On appeal from the Superior Court of New Jersey, Law Division, Cape May County, Indictment No. 05-08-0499.
NOT FOR PUBLICATION WITHOUT THE APPROVAL OF THE APPELLATE DIVISION
Submitted November 8, 2007
Before Judges Payne and Sapp-Peterson.
Defendant, Jonathan Murphy, who entered a conditional plea of guilty to the charge of third-degree drug possession, seeks reversal of his conviction and sentence, claiming that the trial court erred in denying a motion by him and his co-defendant, Patrick A. Wilcox (Wilcox), to suppress the fruits of police searches and seizures that Murphy claims violated both the Federal and State Constitutions. Murphy also challenges his sentence as excessive, arguing that the trial judge improperly balanced the applicable aggravating and mitigating factors. We affirm.
Murphy's indictment for third-degree possession of a controlled dangerous substance, N.J.S.A. 2C:35-10(a)(1), and third-degree tampering with evidence, N.J.S.A. 2C:28-6(1), arose out of a police investigation that led to the arrest, for drug possession, of his co-defendant, Wilcox, outside of a WaWa convenience store located in Wildwood on June 26, 2005.
Both defendants jointly moved to suppress the evidence seized, claiming the police violated the Fourth Amendment to the United States Constitution and Article I, Paragraph 7 of the New Jersey Constitution. A suppression hearing was held on November 14, 2005.
The evidence presented by the State at the hearing revealed that Officer Kevin Franchville (Franchville) was dispatched to the WaWa in Wildwood on June 25, 2005, upon a report from a WaWa employee, Jackal, who had been involved in an odd encounter with an individual later identified as Wilcox. When Franchville arrived at the WaWa, Jackal told him that Wilcox approached her outside the store, asked her a few questions, and then asked her to spit into a bottle for science, which she did. When Wilcox asked her to walk further up the street in order to be videotaped, she declined to do so and returned to the WaWa. Jackal gave a description of Wilcox to Franchville.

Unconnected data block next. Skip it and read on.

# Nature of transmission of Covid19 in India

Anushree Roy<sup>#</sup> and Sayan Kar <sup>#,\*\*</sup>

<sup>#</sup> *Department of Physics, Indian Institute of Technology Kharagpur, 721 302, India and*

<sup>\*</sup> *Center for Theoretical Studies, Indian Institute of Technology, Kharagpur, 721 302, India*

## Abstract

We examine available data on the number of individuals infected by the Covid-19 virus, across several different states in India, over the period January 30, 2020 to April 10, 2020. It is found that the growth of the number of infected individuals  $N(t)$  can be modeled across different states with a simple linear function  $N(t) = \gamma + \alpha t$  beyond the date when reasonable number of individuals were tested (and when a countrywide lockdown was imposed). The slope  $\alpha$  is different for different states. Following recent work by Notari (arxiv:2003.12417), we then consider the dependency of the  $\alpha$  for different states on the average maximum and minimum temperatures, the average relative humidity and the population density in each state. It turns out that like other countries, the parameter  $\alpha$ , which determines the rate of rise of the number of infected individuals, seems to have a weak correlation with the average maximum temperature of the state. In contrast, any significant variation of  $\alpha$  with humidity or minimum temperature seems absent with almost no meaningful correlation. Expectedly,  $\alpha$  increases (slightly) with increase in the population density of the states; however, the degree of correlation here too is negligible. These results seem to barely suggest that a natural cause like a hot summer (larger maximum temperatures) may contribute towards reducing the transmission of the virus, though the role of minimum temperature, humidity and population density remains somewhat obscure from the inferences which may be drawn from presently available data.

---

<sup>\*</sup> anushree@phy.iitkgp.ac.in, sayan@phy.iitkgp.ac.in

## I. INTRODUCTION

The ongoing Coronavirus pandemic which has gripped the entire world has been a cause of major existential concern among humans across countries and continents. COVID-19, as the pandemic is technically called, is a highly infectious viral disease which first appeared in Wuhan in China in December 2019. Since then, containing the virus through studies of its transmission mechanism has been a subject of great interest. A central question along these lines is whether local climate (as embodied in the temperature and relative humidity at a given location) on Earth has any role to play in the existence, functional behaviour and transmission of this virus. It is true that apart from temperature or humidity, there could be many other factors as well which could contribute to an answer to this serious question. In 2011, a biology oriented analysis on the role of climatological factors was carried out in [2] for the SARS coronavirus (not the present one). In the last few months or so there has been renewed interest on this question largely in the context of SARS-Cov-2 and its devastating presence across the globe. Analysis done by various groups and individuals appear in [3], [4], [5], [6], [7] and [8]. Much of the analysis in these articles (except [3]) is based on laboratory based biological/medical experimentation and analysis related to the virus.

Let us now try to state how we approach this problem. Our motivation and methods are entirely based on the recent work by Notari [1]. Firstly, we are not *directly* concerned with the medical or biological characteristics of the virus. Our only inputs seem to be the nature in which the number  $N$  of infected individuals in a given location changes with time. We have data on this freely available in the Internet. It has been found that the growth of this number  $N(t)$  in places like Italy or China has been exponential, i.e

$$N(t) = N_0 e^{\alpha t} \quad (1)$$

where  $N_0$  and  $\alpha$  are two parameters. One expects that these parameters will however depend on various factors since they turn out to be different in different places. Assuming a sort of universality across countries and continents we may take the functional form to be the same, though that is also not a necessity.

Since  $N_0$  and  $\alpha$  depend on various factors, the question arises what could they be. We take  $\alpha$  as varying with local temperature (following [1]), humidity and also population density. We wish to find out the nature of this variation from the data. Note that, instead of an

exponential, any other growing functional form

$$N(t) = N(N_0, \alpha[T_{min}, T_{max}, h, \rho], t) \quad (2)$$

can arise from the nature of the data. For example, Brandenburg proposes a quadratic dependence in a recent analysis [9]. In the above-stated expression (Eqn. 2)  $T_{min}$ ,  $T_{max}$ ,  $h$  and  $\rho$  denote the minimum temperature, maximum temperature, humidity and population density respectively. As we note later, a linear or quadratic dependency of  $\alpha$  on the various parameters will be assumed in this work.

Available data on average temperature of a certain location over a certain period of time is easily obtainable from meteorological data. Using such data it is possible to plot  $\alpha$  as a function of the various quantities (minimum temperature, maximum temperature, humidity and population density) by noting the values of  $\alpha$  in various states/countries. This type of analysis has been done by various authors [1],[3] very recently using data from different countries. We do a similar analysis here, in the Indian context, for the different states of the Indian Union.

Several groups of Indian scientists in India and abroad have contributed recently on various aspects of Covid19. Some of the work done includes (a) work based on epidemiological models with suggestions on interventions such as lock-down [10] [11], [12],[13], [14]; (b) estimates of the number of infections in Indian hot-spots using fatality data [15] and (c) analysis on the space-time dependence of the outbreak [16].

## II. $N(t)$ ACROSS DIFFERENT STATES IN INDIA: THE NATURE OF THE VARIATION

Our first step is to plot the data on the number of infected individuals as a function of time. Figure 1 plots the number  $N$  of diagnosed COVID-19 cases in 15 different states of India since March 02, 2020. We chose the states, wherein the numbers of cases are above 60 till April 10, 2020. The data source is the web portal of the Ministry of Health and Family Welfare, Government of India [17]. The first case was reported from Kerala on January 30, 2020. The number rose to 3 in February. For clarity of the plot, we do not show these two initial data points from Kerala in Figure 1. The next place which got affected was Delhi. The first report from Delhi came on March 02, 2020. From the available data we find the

The following evening, Jackal saw Wilcox outside the WaWa and contacted police. Once again, Franchville responded to the call. When he arrived, Jackal "positively identified [Wilcox] as being the subject from the previous night." Franchville testified that "[he] went over to speak with him, and [he] was speaking with him, [he] went to -- told [Wilcox] to get off his bicycle and went to pat him down and asked him if he had anything on him and he handed me the six bags . . . of suspected heroin." Right after doing so Franchville testified that Wilcox immediately implicated defendant by stating that the drugs were not his but had been "handed to him by a . . . white guy in a white tee shirt that just went into the WaWa into the bathroom" and could be found in the bathroom of the store. Upon further investigation within the bathroom, police also found defendant in possession of drugs, which were seized.
At the conclusion of the hearing, the judge denied the suppression motion, and defendants thereafter entered conditional guilty pleas pursuant to plea agreements that preserved their right to challenge the court's decision.